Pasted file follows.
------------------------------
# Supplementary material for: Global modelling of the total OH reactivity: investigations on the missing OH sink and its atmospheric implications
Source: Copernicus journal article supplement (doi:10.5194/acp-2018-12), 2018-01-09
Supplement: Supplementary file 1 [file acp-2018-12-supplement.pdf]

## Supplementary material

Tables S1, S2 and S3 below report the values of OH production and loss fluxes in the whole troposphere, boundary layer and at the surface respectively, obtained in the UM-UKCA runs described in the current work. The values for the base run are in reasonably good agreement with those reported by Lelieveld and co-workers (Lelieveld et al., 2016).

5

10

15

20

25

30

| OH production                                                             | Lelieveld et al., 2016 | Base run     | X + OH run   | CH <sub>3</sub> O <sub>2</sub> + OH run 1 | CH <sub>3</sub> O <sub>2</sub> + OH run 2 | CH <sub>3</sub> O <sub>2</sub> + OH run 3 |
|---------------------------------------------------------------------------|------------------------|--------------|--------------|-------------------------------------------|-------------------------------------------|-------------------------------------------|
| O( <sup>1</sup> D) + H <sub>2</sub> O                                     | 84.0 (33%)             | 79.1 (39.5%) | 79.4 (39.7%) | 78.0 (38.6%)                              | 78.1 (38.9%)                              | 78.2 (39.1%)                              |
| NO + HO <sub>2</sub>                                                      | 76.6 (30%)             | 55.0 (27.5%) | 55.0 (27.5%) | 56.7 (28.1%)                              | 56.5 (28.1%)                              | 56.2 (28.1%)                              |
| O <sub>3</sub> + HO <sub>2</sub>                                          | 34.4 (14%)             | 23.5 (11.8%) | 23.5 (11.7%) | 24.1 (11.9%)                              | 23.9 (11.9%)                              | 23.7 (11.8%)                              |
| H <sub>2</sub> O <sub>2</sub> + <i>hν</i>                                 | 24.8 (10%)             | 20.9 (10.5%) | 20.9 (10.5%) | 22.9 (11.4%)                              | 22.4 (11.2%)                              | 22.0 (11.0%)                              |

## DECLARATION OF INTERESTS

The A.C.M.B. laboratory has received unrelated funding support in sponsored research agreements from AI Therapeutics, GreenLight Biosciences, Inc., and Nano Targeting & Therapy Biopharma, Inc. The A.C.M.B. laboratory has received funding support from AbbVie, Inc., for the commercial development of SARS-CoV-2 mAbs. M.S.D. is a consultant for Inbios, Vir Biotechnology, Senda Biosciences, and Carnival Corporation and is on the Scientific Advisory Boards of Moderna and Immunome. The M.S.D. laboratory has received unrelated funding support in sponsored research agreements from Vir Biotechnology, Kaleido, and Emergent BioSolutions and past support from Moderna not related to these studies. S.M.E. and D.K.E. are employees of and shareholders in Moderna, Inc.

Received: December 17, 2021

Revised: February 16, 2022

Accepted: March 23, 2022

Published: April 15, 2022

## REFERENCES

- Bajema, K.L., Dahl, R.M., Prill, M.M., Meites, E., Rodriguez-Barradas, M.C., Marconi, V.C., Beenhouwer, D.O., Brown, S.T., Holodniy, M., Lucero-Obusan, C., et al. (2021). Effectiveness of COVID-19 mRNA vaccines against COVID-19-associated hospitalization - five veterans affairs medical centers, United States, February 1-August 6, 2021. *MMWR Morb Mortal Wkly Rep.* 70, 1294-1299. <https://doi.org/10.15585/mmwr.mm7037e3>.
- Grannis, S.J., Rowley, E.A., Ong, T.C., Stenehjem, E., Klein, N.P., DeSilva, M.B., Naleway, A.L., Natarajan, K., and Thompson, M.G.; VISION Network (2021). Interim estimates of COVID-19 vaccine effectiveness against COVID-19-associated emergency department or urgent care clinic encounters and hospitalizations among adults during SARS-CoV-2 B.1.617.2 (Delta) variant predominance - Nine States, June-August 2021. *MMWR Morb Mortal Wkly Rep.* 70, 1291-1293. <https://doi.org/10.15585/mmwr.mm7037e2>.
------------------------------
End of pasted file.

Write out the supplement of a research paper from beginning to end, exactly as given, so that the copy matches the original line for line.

# Supplementary material for: Global modelling of the total OH reactivity: investigations on the missing OH sink and its atmospheric implications
Source: Copernicus journal article supplement (doi:10.5194/acp-2018-12), 2018-01-09
Supplement: Supplementary file 1 [file acp-2018-12-supplement.pdf]

## Supplementary material

Tables S1, S2 and S3 below report the values of OH production and loss fluxes in the whole troposphere, boundary layer and at the surface respectively, obtained in the UM-UKCA runs described in the current work. The values for the base run are in reasonably good agreement with those reported by Lelieveld and co-workers (Lelieveld et al., 2016).

5

10

15

20

25

30

| OH production                                                             | Lelieveld et al., 2016 | Base run     | X + OH run   | CH <sub>3</sub> O <sub>2</sub> + OH run 1 | CH <sub>3</sub> O <sub>2</sub> + OH run 2 | CH <sub>3</sub> O <sub>2</sub> + OH run 3 |
|---------------------------------------------------------------------------|------------------------|--------------|--------------|-------------------------------------------|-------------------------------------------|-------------------------------------------|
| O( <sup>1</sup> D) + H <sub>2</sub> O                                     | 84.0 (33%)             | 79.1 (39.5%) | 79.4 (39.7%) | 78.0 (38.6%)                              | 78.1 (38.9%)                              | 78.2 (39.1%)                              |
| NO + HO <sub>2</sub>                                                      | 76.6 (30%)             | 55.0 (27.5%) | 55.0 (27.5%) | 56.7 (28.1%)                              | 56.5 (28.1%)                              | 56.2 (28.1%)                              |
| O <sub>3</sub> + HO <sub>2</sub>                                          | 34.4 (14%)             | 23.5 (11.8%) | 23.5 (11.7%) | 24.1 (11.9%)                              | 23.9 (11.9%)                              | 23.7 (11.8%)                              |
| H <sub>2</sub> O <sub>2</sub> + <i>hν</i>                                 | 24.8 (10%)             | 20.9 (10.5%) | 20.9 (10.5%) | 22.9 (11.4%)                              | 22.4 (11.2%)                              | 22.0 (11.0%)                              |

## DECLARATION OF INTERESTS

The A.C.M.B. laboratory has received unrelated funding support in sponsored research agreements from AI Therapeutics, GreenLight Biosciences, Inc., and Nano Targeting & Therapy Biopharma, Inc. The A.C.M.B. laboratory has received funding support from AbbVie, Inc., for the commercial development of SARS-CoV-2 mAbs. M.S.D. is a consultant for Inbios, Vir Biotechnology, Senda Biosciences, and Carnival Corporation and is on the Scientific Advisory Boards of Moderna and Immunome. The M.S.D. laboratory has received unrelated funding support in sponsored research agreements from Vir Biotechnology, Kaleido, and Emergent BioSolutions and past support from Moderna not related to these studies. S.M.E. and D.K.E. are employees of and shareholders in Moderna, Inc.

Received: December 17, 2021

Revised: February 16, 2022

Accepted: March 23, 2022

Published: April 15, 2022

## REFERENCES

- Bajema, K.L., Dahl, R.M., Prill, M.M., Meites, E., Rodriguez-Barradas, M.C., Marconi, V.C., Beenhouwer, D.O., Brown, S.T., Holodniy, M., Lucero-Obusan, C., et al. (2021). Effectiveness of COVID-19 mRNA vaccines against COVID-19-associated hospitalization - five veterans affairs medical centers, United States, February 1-August 6, 2021. *MMWR Morb Mortal Wkly Rep.* 70, 1294-1299. <https://doi.org/10.15585/mmwr.mm7037e3>.
- Grannis, S.J., Rowley, E.A., Ong, T.C., Stenehjem, E., Klein, N.P., DeSilva, M.B., Naleway, A.L., Natarajan, K., and Thompson, M.G.; VISION Network (2021). Interim estimates of COVID-19 vaccine effectiveness against COVID-19-associated emergency department or urgent care clinic encounters and hospitalizations among adults during SARS-CoV-2 B.1.617.2 (Delta) variant predominance - Nine States, June-August 2021. *MMWR Morb Mortal Wkly Rep.* 70, 1291-1293. <https://doi.org/10.15585/mmwr.mm7037e2>.